It's Legal to Sell Raw Chicken With Salmonella Bacteria, USDA Wants to Change Its Approach

The United States Department of Agriculture is weighing changes to how it controls salmonella in poultry plants as it seeks to diminish the number of illnesses that arise from the bacteria each year, the Associated Press reported.

The USDA on Tuesday announced several actions it plans to take to meet that objective.

Of the 1.35 million salmonella infections in the U.S. each year, poultry is linked to approximately 23 percent of those infections, which ultimately cause about 26,500 hospitalizations and 420 deaths annually, AP reported. While the USDA said the poultry industry has been able to reduce the levels of salmonella contamination in poultry plants in recent years, the numbers of infections, hospitalizations and deaths have seen little change.

The agency plans to begin preliminary projects that adjust how to test for salmonella in plants and motivate those in the industry to minimize how much of the bacteria is on chickens before they even enter plants. The USDA also plans to hold meetings with industry officials and other relevant groups to reduce the risk of becoming ill from salmonella, according to AP.

"This is deeper, more targeted and more system-based approach than in the past," Agriculture Secretary Tom Vilsack said. "The hope is that we can significantly reduce the risk of these serious cases, and it's certainly worth the effort."

For more reporting from the Associated Press, see below.

USDA Rethinking Salmonella Control
Federal health officials are rethinking their approach to controlling salmonella in poultry plants in the hope of reducing the number of illnesses linked to the bacteria each year. Above, workers process chickens at a poultry plant in Fremont, Nebraska, on December 12, 2019. Nati Harnik/AP Photo

Currently, the USDA tests for the presence of salmonella on poultry at processing plants. One of the proposed pilot projects would add tests for the quantity of bacteria present and tests for the specific strains of salmonella that cause the most illnesses.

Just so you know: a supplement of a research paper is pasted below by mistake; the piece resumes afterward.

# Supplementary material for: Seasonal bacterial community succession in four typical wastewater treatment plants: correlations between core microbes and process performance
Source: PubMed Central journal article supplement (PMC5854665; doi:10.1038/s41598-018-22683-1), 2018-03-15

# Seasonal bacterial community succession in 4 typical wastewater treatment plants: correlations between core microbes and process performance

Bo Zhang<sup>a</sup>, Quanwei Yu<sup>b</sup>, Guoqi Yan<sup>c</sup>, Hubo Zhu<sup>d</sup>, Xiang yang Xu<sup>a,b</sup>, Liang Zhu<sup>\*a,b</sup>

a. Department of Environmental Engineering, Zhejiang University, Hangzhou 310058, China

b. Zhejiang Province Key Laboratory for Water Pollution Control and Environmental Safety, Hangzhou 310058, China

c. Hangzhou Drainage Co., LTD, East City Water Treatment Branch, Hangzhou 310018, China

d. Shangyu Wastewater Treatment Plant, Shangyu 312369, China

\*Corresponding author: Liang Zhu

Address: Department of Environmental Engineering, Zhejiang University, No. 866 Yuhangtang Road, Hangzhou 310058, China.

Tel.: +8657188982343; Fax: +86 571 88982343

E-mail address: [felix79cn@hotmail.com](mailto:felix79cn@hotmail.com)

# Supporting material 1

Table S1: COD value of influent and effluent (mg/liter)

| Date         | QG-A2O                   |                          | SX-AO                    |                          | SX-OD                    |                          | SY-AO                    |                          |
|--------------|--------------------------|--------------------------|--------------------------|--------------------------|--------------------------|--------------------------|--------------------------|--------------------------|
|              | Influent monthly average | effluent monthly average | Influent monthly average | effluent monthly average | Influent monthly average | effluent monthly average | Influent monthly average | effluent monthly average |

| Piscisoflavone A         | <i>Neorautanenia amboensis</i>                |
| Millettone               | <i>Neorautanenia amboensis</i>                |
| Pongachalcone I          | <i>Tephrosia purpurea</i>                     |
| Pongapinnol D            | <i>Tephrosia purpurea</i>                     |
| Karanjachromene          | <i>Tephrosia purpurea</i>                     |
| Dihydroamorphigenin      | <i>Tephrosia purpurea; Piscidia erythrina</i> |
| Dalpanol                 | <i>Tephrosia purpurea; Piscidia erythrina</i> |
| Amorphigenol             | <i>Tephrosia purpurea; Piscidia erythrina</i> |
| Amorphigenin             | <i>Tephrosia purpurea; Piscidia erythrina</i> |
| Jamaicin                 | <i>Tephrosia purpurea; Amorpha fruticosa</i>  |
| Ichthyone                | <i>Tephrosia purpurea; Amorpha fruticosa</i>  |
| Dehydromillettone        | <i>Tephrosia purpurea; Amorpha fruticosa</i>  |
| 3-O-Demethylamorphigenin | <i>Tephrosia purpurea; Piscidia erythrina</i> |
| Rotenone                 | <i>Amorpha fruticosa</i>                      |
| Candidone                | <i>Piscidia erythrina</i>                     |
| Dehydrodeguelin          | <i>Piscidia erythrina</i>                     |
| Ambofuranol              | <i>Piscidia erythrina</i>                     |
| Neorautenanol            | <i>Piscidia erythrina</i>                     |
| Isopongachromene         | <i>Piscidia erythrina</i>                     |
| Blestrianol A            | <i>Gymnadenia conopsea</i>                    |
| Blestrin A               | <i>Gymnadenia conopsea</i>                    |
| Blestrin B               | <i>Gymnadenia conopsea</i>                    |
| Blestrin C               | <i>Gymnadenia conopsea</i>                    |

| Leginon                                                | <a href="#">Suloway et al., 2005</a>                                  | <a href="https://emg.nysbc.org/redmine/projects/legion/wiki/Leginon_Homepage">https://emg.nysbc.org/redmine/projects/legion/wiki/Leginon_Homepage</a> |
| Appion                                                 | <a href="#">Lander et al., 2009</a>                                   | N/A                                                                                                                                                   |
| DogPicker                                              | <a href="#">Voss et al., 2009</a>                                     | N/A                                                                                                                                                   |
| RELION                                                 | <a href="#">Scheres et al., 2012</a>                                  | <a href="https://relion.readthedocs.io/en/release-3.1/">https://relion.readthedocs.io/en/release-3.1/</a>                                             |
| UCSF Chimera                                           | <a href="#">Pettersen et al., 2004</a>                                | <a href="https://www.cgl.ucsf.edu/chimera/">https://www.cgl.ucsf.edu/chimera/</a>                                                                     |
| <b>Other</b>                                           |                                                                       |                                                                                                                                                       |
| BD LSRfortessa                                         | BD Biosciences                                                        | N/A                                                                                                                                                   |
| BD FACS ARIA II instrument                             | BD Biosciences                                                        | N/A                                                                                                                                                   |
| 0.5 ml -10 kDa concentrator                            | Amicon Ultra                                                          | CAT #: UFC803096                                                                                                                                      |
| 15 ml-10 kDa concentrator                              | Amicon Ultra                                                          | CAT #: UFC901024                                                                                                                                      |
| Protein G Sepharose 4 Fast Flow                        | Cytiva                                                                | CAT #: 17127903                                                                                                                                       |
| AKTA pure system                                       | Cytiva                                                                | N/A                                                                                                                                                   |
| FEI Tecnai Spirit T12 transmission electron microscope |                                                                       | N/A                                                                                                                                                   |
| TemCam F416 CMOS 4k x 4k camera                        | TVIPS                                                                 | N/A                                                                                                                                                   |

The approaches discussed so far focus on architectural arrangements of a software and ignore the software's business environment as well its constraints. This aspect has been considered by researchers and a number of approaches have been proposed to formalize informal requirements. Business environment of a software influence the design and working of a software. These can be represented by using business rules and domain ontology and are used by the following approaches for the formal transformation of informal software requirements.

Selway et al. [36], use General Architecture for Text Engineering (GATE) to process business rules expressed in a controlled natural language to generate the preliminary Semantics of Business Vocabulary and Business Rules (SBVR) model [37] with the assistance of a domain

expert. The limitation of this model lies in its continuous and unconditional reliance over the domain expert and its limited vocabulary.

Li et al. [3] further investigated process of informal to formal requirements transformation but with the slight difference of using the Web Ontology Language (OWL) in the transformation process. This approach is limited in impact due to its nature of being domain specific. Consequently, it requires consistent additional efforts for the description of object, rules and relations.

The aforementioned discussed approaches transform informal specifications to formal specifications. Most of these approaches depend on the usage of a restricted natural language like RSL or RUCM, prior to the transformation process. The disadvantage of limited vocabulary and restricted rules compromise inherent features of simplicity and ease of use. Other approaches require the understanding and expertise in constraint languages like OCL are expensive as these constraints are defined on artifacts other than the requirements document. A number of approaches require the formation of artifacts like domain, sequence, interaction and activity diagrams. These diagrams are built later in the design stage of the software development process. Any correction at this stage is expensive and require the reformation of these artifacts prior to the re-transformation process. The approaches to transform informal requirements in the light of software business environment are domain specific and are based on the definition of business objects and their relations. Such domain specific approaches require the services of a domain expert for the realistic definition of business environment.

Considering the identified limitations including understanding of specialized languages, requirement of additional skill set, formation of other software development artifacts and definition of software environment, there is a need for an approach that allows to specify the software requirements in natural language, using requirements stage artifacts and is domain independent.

The agency also wants to encourage farmers to take a combination of steps proven to reduce bacteria in their chickens, including using more vaccinations, adding probiotics to feed and doing more to ensure that the birds' bedding, food and water remain clean.

The National Chicken Council trade group has said the industry has already invested millions of dollars in efforts to reduce salmonella contamination, including spraying germ-killing solutions on raw chicken during processing, improving sanitation and using more vaccines. Spokesman Tom Super said many chicken farmers are already taking steps recommended by the USDA.

"We pledge to continue to do our part—the industry will remain committed to investing significant resources—at the hatchery, feed mill, farm and plant—to further enhance the safety profile of chicken products. But there is no law, regulation or silver bullet that will make raw chicken a 100 percent sterile product," said Ashley Peterson, the trade group's senior vice president of scientific and regulatory affairs.

The USDA said 89 percent of the nation's poultry processing plants are now meeting the agency's performance standard for limiting salmonella in chicken parts. That is up from three years ago when only 71 percent of the plants met the standard.

National Turkey Federation President Joel Brandenberger said the industry already shares ideas about the best ways to control salmonella so the companies look forward to participating in the USDA roundtables.

"Because there are no simple solutions, improving food safety requires the type of collaborative approach USDA is advocating," Brandenberger said.

Zach Corrigan of Food and Water Watch, an advocacy group that supports stricter food safety regulations, said it sounds like the USDA's new efforts are "a move in the right direction," but he still hopes the agency will do more to control salmonella by declaring that meat found to have the bacteria can't be sold to consumers.

Currently, it is legal to sell raw chicken with salmonella bacteria on it, which is why health officials stress the need for safe handling of raw poultry, including thoroughly cooking the meat to kill potential germs. They also warn that people should not rinse raw chicken, which can spray bacteria everywhere.

Brian Ronholm, a former USDA under secretary for food safety who now oversees food policy for Consumer Reports, praised the federal agency's comprehensive approach to reducing salmonella illnesses.

"Some consumers have told us they feel like they have to handle chicken like it's toxic waste, and that's not how anyone wants to cook in the kitchen. We're hopeful that these steps laid out by USDA will result in more consumer confidence about the safety of the poultry products they bring into their homes," Ronholm said.

Agriculture Secretary Tom Vilsack
The U.S. Department of Agriculture plans to begin preliminary projects that adjust how salmonella is tested for in plants and motivate those in the industry to minimize how much of the bacteria is on chickens before they even enter plants. Above, Agriculture Secretary Tom Vilsack talks about rising food prices at a press briefing at the White House on September 8, 2021, in Washington, D.C. Kevin Dietsch/Getty Images